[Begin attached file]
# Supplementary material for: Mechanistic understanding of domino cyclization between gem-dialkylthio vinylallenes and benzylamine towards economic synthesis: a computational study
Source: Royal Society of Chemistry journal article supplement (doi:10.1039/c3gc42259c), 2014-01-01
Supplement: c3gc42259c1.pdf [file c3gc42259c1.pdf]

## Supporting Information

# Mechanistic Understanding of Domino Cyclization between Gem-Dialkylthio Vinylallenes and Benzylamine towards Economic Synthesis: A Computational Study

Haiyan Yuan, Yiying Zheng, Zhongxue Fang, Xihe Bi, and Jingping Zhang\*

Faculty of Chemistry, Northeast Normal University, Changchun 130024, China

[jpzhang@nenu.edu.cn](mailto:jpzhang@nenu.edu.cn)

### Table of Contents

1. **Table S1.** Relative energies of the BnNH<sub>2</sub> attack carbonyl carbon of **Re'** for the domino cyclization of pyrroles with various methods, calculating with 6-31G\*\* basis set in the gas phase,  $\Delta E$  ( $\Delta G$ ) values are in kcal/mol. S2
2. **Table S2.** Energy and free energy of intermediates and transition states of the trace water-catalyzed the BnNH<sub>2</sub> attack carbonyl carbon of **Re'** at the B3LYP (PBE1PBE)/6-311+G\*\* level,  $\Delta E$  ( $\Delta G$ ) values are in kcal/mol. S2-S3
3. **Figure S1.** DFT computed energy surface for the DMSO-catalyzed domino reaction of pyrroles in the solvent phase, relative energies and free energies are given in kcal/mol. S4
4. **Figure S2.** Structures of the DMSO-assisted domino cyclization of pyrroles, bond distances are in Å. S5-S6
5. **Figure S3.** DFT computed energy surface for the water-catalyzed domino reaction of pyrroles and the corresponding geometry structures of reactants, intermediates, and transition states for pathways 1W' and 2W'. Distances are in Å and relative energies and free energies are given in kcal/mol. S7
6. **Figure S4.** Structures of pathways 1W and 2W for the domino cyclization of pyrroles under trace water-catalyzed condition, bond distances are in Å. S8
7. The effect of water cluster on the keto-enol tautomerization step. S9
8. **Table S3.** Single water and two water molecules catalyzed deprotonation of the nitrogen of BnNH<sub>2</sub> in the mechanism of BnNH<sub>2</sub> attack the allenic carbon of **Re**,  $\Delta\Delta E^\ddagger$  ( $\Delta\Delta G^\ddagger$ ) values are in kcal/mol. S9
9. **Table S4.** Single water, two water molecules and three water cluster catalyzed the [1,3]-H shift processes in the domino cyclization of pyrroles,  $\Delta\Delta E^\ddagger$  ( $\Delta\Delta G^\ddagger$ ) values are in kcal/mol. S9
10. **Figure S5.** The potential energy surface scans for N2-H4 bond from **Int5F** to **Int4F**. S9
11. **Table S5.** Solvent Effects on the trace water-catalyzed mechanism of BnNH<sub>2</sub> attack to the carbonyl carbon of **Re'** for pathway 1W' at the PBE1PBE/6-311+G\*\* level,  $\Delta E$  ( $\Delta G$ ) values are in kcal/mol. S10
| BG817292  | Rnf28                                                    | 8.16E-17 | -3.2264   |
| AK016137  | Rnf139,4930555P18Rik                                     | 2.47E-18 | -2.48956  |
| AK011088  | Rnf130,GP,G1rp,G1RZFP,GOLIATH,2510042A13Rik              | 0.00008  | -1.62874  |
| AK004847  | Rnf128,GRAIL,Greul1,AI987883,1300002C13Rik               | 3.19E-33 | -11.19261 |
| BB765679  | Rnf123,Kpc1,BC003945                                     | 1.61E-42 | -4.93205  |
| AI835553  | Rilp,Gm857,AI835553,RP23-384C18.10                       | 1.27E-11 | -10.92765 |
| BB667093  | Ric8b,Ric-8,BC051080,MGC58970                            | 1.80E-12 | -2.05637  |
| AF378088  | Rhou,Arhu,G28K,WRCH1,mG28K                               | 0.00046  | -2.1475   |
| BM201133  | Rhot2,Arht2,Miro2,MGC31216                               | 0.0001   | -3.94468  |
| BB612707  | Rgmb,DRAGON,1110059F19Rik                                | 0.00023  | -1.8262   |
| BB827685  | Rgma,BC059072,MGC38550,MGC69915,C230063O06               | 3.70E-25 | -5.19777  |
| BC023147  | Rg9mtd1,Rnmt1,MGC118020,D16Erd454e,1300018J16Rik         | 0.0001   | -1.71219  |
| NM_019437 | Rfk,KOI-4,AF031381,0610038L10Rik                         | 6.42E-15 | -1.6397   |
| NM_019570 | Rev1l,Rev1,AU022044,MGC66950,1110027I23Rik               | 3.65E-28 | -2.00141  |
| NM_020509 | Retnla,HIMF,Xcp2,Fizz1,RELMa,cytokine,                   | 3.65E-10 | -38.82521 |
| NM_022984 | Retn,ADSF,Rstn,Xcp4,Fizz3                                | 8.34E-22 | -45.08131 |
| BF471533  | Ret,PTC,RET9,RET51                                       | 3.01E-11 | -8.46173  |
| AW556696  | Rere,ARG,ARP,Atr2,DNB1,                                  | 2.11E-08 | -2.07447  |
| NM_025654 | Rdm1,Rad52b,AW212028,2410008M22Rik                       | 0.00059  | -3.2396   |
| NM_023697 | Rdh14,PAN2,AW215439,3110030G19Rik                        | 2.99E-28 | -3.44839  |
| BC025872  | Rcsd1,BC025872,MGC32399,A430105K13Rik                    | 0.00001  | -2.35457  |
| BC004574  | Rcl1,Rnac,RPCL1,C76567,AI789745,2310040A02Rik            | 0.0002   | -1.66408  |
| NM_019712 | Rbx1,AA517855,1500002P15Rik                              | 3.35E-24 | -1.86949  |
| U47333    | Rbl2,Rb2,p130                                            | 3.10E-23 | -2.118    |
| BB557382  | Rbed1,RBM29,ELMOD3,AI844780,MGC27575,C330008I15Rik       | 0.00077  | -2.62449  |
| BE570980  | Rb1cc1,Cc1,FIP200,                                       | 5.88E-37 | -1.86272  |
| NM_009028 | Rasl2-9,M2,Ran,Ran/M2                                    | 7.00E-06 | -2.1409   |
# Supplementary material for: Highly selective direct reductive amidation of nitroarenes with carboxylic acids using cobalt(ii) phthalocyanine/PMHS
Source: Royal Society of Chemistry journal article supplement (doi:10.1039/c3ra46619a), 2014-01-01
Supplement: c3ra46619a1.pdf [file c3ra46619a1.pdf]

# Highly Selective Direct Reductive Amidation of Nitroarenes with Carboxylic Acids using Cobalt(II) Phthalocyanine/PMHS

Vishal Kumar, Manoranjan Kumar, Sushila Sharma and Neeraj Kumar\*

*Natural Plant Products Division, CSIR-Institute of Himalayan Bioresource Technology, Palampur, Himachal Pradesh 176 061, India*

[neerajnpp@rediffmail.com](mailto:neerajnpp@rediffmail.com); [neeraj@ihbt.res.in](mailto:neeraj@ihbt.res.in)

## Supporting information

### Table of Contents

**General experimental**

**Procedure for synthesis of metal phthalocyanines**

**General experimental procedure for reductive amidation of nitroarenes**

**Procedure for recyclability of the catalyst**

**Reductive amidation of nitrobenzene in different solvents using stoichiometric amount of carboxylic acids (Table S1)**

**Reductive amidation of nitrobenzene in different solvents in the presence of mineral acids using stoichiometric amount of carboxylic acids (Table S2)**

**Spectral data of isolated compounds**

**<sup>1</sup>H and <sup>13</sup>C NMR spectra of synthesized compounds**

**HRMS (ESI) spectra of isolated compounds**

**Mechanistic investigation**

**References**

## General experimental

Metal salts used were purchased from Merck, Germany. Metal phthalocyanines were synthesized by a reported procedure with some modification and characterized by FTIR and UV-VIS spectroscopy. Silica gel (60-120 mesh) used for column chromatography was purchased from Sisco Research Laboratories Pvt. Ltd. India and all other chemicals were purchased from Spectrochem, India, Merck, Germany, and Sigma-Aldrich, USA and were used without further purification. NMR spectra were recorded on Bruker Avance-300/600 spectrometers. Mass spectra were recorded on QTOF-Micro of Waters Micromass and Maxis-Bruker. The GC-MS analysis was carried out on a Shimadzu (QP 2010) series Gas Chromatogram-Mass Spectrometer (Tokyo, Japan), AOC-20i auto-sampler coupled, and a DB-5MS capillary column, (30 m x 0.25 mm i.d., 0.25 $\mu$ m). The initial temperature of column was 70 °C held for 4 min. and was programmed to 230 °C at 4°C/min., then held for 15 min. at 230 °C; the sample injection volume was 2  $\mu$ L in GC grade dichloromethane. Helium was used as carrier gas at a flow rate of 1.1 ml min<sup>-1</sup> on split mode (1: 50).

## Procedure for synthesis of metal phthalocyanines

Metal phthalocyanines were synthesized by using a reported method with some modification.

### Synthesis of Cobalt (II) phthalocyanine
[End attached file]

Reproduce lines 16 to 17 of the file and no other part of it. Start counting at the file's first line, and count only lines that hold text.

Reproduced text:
7. The effect of water cluster on the keto-enol tautomerization step. S9
8. **Table S3.** Single water and two water molecules catalyzed deprotonation of the nitrogen of BnNH<sub>2</sub> in the mechanism of BnNH<sub>2</sub> attack the allenic carbon of **Re**,  $\Delta\Delta E^\ddagger$  ( $\Delta\Delta G^\ddagger$ ) values are in kcal/mol. S9